ReplyDelete
  4. Anonymous3:25 AM

    In infertility bulletin boards I read about woman who are 40 plus and end up with diagnosis like immune problem. They are advised to take costly treatments like intralipids and IVIG. How could a doctor give such a diagnosis for a woman in her 40s, for her failure to become pregnant via IVF!? I recently read about a woman who underwent several IVFs but everything failed. Her NK cell counts came back very high. Her RE is not a believer of IVIG or intralipids. She later switched to donor eggs and she ended up getting pregnant. What does this incident say? This somehow supports my view that even though there is a problem with uterus, it doesn’t matter as long as the egg is competent enough. I agree that this is a single story or even if I can find few more stories too, nothing can be interpreted. But asking a 45 year old woman to undergo IVIG treatment for her recurrent IVF failure is too illogical and unethical. Actually their main problem is the genetic incompetence of their eggs and those doctors are trying to solve the problem of an aged uterus (perhaps they do not know any costly treatment to reverse egg cell aging!). Of course this approach might work for some (if they are fortunate enough to find the single good embryo to transfer!) but it doesn’t mean that it is the norm.

    It’s true that our knowledge about embryo implantation is very limited. Hope in a few decades we would be able to crack some puzzles!

    ReplyDelete
  5. Anonymous9:06 PM

    Talk to Me: The Embryo Dictates Gene Expression by the Endometrium.

    http://endo.endojournals.org/content/148/9/4170.full.pdf

    The Postimplantation Embryo Differentially Regulates
    Endometrial Gene Expression and Decidualization

    http://www.ansci.wsu.edu/personal/labs/prulab/documents/Postimplantation%20embryo%20differentially%20regulates%20endometrial%20gene%20expression.pdf

    ReplyDelete
  6. Anonymous2:13 AM

    In my last FET, my beta hcg at 9dp5dt came back at 6. Does this mean implantation may have occurred? My hpt was positive that same day which was very deceiving. We transferred 2 5AA blasts which visually were perfect. My lining and all was also in good shape. We are confused as there are no answers besides potentially abnormal embryos. But does that mean the remaining 17 from that batch may have the same abnormalities even though they too are 5AA's and 4AAs?

    ReplyDelete
  7. A beta HCG of less than 10 miU/ml is negative and means your embryos did not implant, sorry

    Why good looking embryos do not implant is still one of those things we do not understand - it is
    one of medicine's unsolved mysteries !

    Human reproduction is not very efficient ! Don’t forget that even fertile couples take time to make a baby in their bedroom !

    Please don't get disheartened - your chances remain good. Sometimes you just need to be
    patient until you get lucky !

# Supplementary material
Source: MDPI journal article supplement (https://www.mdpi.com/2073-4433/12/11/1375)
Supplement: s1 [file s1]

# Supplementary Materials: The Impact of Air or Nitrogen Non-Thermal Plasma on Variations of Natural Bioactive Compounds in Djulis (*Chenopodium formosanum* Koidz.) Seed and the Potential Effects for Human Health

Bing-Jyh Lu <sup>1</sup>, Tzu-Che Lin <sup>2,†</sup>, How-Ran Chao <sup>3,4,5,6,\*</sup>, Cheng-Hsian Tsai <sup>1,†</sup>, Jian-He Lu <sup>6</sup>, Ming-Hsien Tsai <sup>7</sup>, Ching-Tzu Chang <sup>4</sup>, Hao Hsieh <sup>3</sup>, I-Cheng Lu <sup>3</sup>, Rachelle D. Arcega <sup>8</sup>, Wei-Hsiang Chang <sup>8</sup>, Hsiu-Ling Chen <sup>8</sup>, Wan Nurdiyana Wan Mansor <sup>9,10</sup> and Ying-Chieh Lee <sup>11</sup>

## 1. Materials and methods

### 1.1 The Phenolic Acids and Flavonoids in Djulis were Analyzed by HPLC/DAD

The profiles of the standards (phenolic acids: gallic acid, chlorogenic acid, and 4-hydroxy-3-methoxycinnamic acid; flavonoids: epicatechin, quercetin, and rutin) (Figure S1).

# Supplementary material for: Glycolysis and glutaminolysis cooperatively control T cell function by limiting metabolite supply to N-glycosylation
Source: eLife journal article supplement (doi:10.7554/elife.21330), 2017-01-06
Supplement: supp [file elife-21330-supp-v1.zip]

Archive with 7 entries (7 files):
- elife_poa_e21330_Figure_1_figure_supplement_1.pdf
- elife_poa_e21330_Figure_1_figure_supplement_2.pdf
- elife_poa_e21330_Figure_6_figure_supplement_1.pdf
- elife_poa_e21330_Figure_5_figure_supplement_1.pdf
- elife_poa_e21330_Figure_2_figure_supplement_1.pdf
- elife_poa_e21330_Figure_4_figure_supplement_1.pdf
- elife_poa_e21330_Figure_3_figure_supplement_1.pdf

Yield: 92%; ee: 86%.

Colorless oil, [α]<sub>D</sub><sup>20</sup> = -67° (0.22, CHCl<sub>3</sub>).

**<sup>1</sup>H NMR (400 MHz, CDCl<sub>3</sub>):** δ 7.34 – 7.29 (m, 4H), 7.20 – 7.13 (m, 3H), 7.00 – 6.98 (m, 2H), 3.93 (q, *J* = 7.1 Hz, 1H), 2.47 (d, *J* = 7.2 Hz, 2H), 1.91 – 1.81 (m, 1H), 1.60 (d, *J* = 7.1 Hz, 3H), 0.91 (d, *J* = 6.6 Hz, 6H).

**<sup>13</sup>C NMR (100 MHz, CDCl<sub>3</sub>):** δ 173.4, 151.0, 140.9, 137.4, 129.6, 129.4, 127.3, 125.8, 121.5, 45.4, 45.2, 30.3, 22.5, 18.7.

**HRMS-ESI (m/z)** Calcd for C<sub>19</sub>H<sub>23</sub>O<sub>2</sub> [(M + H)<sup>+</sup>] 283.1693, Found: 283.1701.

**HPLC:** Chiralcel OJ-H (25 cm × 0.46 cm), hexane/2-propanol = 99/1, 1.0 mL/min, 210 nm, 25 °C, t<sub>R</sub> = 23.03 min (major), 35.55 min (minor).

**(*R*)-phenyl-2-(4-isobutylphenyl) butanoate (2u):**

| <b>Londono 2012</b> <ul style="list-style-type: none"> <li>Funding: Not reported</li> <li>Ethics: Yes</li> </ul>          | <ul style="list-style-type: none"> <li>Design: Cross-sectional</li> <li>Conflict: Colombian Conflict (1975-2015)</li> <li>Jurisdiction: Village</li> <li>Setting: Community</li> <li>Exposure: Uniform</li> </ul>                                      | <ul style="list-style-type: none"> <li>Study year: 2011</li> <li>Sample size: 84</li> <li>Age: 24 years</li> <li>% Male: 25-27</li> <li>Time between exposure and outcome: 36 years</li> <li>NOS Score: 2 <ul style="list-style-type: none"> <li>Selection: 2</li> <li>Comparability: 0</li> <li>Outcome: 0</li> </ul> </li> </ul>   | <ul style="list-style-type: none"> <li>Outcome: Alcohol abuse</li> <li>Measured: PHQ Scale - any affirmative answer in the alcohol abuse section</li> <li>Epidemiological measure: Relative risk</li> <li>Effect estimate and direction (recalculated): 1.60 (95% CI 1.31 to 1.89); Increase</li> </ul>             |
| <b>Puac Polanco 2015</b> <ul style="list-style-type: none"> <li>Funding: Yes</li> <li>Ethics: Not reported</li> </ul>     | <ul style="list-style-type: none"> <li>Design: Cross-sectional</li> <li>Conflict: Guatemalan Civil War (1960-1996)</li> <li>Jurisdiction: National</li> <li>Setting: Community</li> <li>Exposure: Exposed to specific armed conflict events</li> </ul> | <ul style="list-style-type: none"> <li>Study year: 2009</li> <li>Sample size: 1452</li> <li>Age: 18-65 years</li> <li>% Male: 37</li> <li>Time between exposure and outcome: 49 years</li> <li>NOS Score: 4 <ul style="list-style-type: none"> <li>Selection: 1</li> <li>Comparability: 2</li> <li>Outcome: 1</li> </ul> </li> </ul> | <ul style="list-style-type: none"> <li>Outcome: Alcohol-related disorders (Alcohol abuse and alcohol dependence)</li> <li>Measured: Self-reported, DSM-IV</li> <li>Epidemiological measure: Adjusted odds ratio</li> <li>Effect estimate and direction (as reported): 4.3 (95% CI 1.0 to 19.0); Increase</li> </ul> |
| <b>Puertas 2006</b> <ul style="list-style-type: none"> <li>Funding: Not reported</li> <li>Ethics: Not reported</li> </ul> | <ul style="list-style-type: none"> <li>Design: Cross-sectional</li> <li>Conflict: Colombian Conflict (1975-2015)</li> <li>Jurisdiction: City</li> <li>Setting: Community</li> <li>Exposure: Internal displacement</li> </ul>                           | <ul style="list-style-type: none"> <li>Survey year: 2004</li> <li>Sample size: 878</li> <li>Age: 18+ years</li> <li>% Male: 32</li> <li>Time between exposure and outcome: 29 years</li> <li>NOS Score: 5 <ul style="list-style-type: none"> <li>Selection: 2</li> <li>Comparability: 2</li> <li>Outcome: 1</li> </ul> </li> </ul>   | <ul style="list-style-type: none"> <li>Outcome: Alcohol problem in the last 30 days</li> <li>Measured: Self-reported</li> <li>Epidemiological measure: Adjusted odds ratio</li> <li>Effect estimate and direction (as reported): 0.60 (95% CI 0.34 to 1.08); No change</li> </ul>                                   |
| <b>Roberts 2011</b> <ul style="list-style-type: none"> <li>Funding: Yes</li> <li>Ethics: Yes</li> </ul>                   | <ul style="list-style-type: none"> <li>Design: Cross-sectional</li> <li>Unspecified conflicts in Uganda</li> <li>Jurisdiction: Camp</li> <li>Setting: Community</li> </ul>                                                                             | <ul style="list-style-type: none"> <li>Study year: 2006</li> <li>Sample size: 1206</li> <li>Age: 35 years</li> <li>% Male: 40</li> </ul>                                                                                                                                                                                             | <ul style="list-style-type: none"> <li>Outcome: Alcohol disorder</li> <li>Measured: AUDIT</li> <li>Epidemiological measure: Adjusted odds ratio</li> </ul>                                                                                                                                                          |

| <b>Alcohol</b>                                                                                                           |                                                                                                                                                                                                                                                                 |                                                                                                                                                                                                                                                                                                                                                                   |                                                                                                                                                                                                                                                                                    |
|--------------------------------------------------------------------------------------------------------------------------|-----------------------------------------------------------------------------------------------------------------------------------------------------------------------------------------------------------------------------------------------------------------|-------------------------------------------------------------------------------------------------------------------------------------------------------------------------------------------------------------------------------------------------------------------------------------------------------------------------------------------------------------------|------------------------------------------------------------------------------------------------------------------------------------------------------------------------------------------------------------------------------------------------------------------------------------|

ReplyDelete
  8. Anonymous2:02 AM

    Thank you Doctor for you response. I had hope that implantation may have occurred but good to get clarity. We transferred 2 more 5AA's on Tuesday (1/29) and I am praying for the best.

    Does this mean that minimal levels of HcG is released from the body or the transferred embryo's even though implantation does not occur?

    ReplyDelete
  9. Even men can have HCG levels of 5 mIU/ml ! This is because tests do have their own limits. This is why a level of less than 10 mIU/ml is considered to be negative in clinical practise

    ReplyDelete
  10. Anonymous3:08 AM

    I am a 39 yr old woman. i have two heathly pregnancies in early to mid 30's. Within the past year, I have miscarried twice in the 6th week...failure to implant. What could cause this? Should I look into fertility treatments?

    ReplyDelete
  11. The commonest reason for a miscarriage is a genetic abnormality in the fetus, and this is Nature's defense mechanism, to prevent the birth of an abnormal baby. While these defects are often random, they are commoner in older women. This is because the eggs of older women have more genetically abnormalities, because they have "aged" and have genetic defects, which cannot be screened for.

    Dr Malpani

    ReplyDelete
  12. Anonymous7:37 PM

    Hi Dr,
    I had uterine artery emboli station in 2006 for fibroids. Later i had two myomectomy, one in may 2012 where they removed 16 fibroids biggest one of 9cm and in march 2013I had to repeat same surgery because one fibroid left behind, started to grow in a way blocking me to get pregnant. This time the RE had chance to look at my tubes and had cut part of my left tube due liuquid accumulation from my previous surgery.he took out one fibroid 5 cm in size and said thing looking better and we go ahead with ivf. I had 30 eggs retrieved of which 18 were mature and 14 got fertilized with ICSI. We had 9 blastocyst and 2 of the best grade were transferred and remaining 7 frozen. But my betahcg test came out negative and now we have todo a frozen cycle. I am not able to find what went wrong after so much pain and effort. What can I do to get positive result in this cycle?

    ReplyDelete
  13. Uterine artery embolisation is not recommended for women who want to have a baby. It blocks uterine blood flow and this can damage the uterine lining and prevent embryos from implanting.

    Can you send me more details about your IVF cycle ? What were the meds which were used for
    superovulation ? What was the dose used ? How many follicles did you grow ? How many eggs were collected ? What was the E2 ( estradiol) level in the blood ? What was the endometrial thickness ?
    How many embryos were transferred ?
    What was the embryo quality ? DO YOU HAVE PHOTOS OF YOUR EMBRYOS ? You can see what embryos should look like at http://www.drmalpani.com/embryos.htm
    Can you please send me the printed treatment summary from your IVF clinic ?

    ReplyDelete
  14. Anonymous7:40 AM

    Hi Dr,
    I just did IVF with a so called healthy embryo (after PGD) and the embryo started to implant and then stopped. What would be the reason it would start and then stop? My hcg was 53 then 49 now 38.

    ReplyDelete
  15. My wife had 12 eggs harvested in ivf. The two best were implanted and I was just informed all the other 10 died. Does that mean the two were implanted are unlikely to survive?

    ReplyDelete
  16. This is very unusual. Embryos don't die like this ! Was this a good lab ?

    Can you send me more details about your IVF cycle ? What were the meds which were used for
    superovulation ? What was the dose used ? How many follicles did you grow ? How many eggs were collected ? What was the E2 ( estradiol) level in the blood at the time of the HCG trigger? What was the endometrial thickness ?
    How many embryos were transferred ?
    What was the embryo quality ? DO YOU HAVE PHOTOS OF YOUR EMBRYOS ? You can see what embryos should look like at http://www.drmalpani.com/knowledge-center/ivf/embryos
    Can you please send me the printed treatment summary from your IVF clinic ?

    ReplyDelete
  17. I'm going to find out and check back with you

    ReplyDelete